Marie Louise was an active and energetic woman, with ambitious economic and political plans for the Polish-Lithuanian Commonwealth. The Polish nobility were scandalized at the Queen's meddling into politics, believing that no foreign woman should interfere, nevertheless she played an instrumental role leading the Polish troops in repulsing the Swedish forces during the Swedish invasion of Poland, commonly known as the "Deluge". She wished to change the voting system of the Polish senate and grant the monarch more power, however, she was unable to do so as that such actions would result in a rebellion of the higher and wealthy classes that could possibly devastate the economy of the Commonwealth. She had no qualms in order to achieve her objectives.

Marie Louise cleverly made use of bribery and false promises on the aristocracy. She brought many noble ladies to the Polish court from France that would be obliged to marry voivodes, princes and wealthy landowners, and eventually serve as a defensive shield if the higher classes decide to rebel against the government and the monarchy. Marie Louise also strongly followed French cultural patterns and introduced new French customs to the Commonwealth. She was known to always wear French clothing and collect small memorabilia like coins, jewelry and perfume bottles - this was a common practice during the reign of Louis XIII and subsequently Louis XIV.[1]

Swedish invasion and hope for victory[edit]

Portrait by Justus van Egmont. Among the Queen's jewels was a Polish Eagle set with small diamonds. After the Queen's death her jewels were inherited by her sister Anne de Gonzague de Clèves.

All the features of the Marie Louise, the persistence and determination combined with great diligence and courage, were particularly highlighted during the Swedish invasion. Reportedly she risked her life on the front lines and after the defeat, forced to leave the capital, she did not lose her faith in victory and went to Silesia, thence she directed the army to fight against the invaders. She vividly tried to establish a contact with all citizens who resisted the Swedes. Marie also developed extensive diplomatic campaign aimed at receiving help from other European rulers and monarchs. To acquire the aid of the Habsburgs, she would not even hesitate to hand over the Polish throne following the death of John Casimir. She participated and also worked on setting the peace conditions with Sweden - Treaty of Oliwa.[1]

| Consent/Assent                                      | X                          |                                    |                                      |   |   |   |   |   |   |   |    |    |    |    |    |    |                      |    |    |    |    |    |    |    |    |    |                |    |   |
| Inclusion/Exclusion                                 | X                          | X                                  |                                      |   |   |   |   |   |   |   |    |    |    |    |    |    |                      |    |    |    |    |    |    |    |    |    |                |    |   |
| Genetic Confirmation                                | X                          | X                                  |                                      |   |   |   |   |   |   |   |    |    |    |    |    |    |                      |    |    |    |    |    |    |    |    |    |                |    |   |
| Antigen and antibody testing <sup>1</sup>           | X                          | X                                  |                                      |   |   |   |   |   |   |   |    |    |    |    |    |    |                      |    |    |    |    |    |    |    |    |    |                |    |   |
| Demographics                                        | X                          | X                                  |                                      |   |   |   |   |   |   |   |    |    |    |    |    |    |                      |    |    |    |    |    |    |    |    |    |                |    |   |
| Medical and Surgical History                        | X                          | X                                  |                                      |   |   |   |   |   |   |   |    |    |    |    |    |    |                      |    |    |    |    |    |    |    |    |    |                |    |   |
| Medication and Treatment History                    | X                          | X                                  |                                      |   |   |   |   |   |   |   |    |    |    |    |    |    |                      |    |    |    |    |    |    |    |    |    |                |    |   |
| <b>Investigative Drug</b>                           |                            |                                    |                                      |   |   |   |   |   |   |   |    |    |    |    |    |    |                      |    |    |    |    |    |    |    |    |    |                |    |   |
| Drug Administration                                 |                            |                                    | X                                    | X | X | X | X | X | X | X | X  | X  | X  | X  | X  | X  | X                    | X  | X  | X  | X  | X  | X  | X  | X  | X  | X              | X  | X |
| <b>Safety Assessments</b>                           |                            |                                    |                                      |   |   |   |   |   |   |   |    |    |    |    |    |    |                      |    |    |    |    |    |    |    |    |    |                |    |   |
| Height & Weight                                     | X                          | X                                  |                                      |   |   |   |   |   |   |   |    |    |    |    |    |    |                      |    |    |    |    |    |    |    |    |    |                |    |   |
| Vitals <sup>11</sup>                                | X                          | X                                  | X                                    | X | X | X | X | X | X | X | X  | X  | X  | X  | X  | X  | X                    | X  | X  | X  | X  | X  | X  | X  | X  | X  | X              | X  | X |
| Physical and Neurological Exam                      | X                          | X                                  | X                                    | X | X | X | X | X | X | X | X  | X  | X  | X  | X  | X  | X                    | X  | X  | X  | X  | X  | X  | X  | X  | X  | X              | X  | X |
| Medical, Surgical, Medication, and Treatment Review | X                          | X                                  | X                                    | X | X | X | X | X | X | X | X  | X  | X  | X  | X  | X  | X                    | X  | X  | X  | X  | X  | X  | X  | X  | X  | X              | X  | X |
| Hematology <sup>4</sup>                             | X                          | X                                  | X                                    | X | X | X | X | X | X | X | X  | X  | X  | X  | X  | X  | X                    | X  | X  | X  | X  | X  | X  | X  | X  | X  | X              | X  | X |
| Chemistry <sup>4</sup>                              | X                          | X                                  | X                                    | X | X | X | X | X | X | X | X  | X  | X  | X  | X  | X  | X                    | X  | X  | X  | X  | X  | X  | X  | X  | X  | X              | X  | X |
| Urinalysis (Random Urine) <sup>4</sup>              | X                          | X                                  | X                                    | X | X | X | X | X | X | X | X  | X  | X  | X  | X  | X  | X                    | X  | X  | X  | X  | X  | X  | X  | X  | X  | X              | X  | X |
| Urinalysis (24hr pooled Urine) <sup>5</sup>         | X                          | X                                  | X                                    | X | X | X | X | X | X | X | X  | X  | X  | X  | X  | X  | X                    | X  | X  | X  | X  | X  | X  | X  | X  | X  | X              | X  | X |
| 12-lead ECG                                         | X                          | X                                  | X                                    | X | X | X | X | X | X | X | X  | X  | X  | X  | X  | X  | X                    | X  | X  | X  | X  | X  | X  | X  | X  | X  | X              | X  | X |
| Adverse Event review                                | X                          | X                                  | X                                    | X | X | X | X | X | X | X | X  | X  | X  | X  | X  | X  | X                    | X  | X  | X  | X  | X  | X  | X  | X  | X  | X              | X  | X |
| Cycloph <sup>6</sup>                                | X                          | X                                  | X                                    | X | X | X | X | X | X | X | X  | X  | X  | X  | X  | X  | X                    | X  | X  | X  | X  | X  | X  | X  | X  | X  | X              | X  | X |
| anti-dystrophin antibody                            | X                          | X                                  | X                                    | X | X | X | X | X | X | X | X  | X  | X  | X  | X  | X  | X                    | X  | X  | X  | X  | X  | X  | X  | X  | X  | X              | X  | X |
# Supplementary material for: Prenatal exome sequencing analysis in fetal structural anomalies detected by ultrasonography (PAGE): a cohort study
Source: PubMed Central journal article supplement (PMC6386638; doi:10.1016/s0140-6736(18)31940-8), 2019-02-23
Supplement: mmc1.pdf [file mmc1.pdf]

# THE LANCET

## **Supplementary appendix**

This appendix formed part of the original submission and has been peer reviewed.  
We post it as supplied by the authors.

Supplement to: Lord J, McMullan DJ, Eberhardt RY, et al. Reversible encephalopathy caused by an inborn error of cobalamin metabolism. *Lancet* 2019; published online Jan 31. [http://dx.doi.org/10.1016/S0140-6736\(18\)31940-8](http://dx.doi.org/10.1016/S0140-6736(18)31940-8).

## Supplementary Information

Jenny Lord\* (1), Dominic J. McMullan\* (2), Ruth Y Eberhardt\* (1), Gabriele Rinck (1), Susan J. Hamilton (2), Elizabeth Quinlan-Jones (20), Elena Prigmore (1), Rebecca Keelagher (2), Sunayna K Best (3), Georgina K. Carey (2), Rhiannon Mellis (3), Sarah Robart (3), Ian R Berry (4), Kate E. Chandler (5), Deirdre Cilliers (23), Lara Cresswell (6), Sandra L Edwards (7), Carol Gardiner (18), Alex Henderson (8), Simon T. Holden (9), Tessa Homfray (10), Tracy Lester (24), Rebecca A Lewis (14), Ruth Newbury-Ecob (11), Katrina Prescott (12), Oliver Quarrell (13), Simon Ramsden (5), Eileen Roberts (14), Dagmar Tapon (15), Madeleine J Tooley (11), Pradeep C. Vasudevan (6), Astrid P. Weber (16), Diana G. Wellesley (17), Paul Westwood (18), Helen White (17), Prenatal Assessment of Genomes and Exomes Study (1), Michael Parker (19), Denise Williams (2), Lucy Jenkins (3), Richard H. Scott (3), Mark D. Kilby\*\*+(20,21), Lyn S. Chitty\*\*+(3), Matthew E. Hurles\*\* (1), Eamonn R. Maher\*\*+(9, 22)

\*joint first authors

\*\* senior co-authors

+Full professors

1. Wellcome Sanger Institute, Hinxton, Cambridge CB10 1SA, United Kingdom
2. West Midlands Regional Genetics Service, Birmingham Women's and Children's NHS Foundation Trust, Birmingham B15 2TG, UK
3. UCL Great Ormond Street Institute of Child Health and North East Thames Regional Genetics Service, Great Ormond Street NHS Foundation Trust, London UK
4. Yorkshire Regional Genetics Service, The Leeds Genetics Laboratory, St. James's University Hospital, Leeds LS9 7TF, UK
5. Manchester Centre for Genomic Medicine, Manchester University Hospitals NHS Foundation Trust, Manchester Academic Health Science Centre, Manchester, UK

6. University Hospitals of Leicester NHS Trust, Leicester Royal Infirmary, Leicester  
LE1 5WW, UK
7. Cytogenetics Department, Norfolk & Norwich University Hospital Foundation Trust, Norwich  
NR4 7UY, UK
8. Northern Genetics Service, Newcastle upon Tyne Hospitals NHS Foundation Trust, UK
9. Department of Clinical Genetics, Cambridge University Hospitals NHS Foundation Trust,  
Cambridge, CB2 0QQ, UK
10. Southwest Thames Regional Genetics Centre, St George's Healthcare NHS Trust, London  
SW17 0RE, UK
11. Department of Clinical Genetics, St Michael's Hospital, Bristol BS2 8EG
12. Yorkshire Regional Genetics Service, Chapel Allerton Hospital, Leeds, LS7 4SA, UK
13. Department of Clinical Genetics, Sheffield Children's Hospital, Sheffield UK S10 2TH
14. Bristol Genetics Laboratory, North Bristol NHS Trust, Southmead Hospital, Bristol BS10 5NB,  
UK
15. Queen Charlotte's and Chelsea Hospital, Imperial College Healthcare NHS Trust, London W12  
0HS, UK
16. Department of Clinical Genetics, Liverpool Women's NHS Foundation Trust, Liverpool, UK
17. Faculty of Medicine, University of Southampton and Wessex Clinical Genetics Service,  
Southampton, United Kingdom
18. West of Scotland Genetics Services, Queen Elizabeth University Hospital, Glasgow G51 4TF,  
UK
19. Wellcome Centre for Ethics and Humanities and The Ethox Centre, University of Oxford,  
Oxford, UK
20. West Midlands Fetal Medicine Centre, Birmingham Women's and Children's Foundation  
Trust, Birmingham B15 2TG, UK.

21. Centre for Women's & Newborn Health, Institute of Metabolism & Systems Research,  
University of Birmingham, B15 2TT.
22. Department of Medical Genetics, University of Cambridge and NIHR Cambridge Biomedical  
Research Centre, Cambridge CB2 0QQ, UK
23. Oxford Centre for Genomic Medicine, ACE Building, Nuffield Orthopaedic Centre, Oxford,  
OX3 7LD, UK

During the invasion the Queen reached the peak of her popularity, but that quickly passed after the presentation of the draft reform; the strengthening of royal power and election vivente rege (Latin meaning "for the life of the King"). At first, she used different methods to build up the party gathered around the court and started a propaganda campaign, which aimed to reform the public acceptance of the nobility. At the same time she was determined for her niece - Anne Henriette of Bavaria, whose husband was to be Henri Jules, Prince of Condé - to be the wife of the next elected King of Poland and Grand Duke of Lithuania. This enraged the wealthier classes and the nobles, who accused her of meddling Poland into French politics that were hostile towards England, Sweden, allied Habsburg Austria and Muscovy.

At the beginning success was certain, because the majority of senators were in favour of her plans and opposed Jerzy Sebastian Lubomirski and broader masses of the nobility. This also influenced the peasants and lower classes and their attitude was reflected in the well-known saying and rhyme "Bij Francuzów bij, wziąwszy dobry kij, wal Francuzów wal, wbijaj ich na pal!" (Beat the French, impale the French...). To decide between the court and the opposition, however, there was no fighting in words, but on the battlefield. The so-called Sejm of Lubomirski sentenced Lubomirski to infamy and ordered the confiscation of his property. A proud magnate who believed that he would be elected the next king, Lubomirski has rejected the proposal of reconciliation and openly challenged King John II Casimir. In 1665, Lubomirski announced a rebellion and his army entered the Commonwealth. On July 13, 1666 he faced the royal army under the King himself at Mątwy. Lubomirski’s forces were victorious.